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Malcolm Rifkind and the Secret Services

Jonathan Fryer writes 'Malcolm Rifkind and the Secret Services'

Jonathan Fryer writes 'Malcolm Rifkind and the Secret Services'

Malcolm RifkindMI6Until the 1990s there was no parliamentary scrutiny of Britain’s intelligent services; they reported directly to the Prime Minister and in principle were answerable to him alone. That changed with the Intelligence Agencies Act pf 1994, but as Sir Malcolm Rifkind, Chairman of the Parliament’s Intelligence and Security Committee, explained at an AEJ UK Section lunch at Europe House, until 2010 MPs could only request information from MI5, MI6 and GCHQ. However, the Coalition Government changed all that; these days the agencies are required to provide information to his parliamentary committee and indeed on Thursday next week, for the first time ever, evidence presented by agents will be televised. The Committee reports to Parliament and the Chairman is elected, rather than appointed by the Prime Minister. Moreover, the operations of the security agencies, which were previously not part of the scrutiny remit now are. Only the most sensitive information with national security implications is withheld or else shared on a strictly confidential basis. In the Q&A session after Sir Malcolm’s presentation I highlighted the anger felt in Germany by revelations that the NSA in the US has been tapping Angela Merkel’s phone for the past decade and asked for an assurance that the UK’s special relationship with America in the intelligence sphere did not mean that we are in on that sort of activity with regard to our allies too. Sir Malcolm expressed surprise that the Americans would do such a thing, given the obvious likelihood of negative diplomatic fallout if, as happened, the bugging came to light, and he felt it should have been a matter for a political decision at the highest level, not an initiative of the US secret services, as seems to have been the case. He also explained the use of “selectors”, which are key words or other indicators which a computer system tracking phone calls or emails will recognise and then sound an alarm; otherwise the mas of traffic is not even read or listened to, he said. He obviously takes a dim view of the way that the Guardian newspaper has used some of the material that came to light because of the work of Edward Snowden but insisted that the intelligence work done was essential, especially in combatting terrorism. As it costs the British taxpayer £2 billion a year it had better be worthwhile.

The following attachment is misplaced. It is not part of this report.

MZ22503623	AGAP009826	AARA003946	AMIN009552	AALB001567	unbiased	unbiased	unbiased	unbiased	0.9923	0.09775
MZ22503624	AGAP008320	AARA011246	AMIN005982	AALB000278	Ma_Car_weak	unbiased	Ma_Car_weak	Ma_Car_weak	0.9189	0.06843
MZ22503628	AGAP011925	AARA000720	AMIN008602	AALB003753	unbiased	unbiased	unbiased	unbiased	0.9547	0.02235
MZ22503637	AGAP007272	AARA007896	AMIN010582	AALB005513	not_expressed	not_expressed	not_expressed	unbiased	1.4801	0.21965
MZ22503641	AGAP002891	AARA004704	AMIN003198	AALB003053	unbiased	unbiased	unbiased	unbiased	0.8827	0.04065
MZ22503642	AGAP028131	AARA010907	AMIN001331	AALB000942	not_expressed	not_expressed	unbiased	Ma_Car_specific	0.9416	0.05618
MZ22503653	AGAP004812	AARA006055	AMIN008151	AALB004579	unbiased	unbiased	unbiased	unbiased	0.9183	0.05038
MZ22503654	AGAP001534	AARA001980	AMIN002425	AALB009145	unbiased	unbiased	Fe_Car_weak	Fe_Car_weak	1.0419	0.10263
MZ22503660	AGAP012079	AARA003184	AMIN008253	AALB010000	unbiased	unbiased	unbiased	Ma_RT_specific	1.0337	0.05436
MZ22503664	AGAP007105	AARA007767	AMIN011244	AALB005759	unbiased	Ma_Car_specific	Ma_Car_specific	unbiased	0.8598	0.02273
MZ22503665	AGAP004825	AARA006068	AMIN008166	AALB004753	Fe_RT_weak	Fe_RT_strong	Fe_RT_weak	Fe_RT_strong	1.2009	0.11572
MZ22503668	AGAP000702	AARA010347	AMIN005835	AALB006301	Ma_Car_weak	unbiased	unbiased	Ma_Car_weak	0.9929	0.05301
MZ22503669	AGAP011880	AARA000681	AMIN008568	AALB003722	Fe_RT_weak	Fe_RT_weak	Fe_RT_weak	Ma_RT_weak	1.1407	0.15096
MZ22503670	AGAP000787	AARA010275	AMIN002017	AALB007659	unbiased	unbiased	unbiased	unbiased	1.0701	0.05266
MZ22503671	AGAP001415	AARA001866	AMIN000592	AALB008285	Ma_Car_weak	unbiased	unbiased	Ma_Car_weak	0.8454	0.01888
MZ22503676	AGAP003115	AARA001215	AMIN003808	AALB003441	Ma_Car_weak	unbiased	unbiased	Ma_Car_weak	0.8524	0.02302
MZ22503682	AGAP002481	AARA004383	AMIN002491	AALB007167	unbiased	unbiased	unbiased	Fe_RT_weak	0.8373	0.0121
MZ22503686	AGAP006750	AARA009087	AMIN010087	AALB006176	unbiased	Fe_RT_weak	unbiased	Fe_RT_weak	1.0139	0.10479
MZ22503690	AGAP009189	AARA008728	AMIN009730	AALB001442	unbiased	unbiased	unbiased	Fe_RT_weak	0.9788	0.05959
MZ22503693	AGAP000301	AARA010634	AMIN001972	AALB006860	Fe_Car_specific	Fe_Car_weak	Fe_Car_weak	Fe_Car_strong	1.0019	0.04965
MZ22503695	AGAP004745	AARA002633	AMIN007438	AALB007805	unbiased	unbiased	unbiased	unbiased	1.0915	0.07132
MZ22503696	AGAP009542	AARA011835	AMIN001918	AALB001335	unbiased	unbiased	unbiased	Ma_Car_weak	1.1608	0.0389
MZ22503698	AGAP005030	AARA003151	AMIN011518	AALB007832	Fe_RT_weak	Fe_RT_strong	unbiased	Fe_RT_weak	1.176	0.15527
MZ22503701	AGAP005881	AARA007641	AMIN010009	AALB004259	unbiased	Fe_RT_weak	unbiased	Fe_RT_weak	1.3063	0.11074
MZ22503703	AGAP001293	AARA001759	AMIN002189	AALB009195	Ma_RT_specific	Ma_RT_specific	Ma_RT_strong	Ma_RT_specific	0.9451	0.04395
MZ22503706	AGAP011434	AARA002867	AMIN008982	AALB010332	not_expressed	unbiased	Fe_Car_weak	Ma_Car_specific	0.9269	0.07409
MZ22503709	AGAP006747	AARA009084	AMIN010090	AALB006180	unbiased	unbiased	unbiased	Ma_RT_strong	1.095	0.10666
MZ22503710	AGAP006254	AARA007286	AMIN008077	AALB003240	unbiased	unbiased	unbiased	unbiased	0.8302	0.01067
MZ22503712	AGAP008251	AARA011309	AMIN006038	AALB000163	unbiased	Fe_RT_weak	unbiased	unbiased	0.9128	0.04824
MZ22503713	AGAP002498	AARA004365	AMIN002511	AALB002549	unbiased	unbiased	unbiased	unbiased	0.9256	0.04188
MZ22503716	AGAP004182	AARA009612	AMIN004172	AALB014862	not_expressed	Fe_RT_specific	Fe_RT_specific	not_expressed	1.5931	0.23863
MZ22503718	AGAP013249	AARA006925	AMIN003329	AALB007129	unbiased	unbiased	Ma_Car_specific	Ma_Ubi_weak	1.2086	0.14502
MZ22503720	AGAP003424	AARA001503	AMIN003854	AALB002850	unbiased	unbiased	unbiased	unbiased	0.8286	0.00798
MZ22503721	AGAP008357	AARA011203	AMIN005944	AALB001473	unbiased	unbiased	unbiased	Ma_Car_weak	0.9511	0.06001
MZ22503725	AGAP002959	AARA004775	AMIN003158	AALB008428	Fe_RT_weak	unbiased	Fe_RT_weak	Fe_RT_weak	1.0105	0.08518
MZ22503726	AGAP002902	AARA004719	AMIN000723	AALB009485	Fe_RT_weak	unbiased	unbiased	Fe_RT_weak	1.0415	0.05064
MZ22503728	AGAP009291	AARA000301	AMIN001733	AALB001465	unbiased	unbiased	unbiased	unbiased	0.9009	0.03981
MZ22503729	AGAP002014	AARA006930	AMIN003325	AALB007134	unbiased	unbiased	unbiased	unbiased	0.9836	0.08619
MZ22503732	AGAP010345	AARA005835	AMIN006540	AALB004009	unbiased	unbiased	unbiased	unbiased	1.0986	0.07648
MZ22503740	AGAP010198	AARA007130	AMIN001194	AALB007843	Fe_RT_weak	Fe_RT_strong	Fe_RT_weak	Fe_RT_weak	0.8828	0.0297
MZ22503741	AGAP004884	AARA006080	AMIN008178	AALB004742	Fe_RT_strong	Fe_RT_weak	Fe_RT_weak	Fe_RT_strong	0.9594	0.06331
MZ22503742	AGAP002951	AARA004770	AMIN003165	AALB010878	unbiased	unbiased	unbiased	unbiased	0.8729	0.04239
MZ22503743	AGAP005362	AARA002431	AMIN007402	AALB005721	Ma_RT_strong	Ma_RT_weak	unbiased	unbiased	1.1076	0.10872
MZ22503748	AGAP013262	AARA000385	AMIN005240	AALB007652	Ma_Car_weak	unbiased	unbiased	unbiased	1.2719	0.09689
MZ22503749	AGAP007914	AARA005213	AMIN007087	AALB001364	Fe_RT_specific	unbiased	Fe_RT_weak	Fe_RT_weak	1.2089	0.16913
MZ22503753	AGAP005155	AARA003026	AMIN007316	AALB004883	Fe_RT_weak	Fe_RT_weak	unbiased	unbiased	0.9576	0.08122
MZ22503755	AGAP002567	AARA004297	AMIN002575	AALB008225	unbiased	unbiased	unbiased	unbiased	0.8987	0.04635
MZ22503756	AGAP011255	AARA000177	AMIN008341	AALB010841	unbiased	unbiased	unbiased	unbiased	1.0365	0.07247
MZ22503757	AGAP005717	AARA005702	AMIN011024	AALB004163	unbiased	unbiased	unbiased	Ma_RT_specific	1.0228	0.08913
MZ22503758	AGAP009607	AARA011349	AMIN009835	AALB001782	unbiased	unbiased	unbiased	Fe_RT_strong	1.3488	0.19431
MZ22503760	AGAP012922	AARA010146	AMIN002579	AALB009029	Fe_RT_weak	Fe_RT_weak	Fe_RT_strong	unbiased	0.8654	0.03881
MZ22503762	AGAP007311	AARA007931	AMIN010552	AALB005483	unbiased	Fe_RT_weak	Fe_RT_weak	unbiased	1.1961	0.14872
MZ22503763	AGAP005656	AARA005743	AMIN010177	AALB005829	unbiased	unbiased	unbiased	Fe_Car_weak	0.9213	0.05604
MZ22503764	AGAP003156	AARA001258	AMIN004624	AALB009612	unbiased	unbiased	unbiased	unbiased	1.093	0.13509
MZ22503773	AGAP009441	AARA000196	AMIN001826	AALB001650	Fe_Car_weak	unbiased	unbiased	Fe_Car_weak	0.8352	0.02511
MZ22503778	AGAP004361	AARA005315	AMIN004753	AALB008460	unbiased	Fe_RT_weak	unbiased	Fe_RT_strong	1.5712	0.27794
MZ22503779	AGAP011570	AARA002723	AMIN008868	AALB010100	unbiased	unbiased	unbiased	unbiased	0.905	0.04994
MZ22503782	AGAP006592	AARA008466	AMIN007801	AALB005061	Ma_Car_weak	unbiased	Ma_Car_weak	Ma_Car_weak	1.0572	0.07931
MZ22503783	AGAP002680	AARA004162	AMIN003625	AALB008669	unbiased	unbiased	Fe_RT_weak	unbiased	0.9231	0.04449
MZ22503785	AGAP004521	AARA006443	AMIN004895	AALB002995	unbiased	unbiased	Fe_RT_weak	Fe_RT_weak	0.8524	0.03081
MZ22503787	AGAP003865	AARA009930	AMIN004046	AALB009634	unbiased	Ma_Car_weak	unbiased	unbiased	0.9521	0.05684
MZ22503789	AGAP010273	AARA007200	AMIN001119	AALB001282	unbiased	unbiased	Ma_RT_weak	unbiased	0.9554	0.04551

by jonathanfryer on Saturday,

2nd November,

2013

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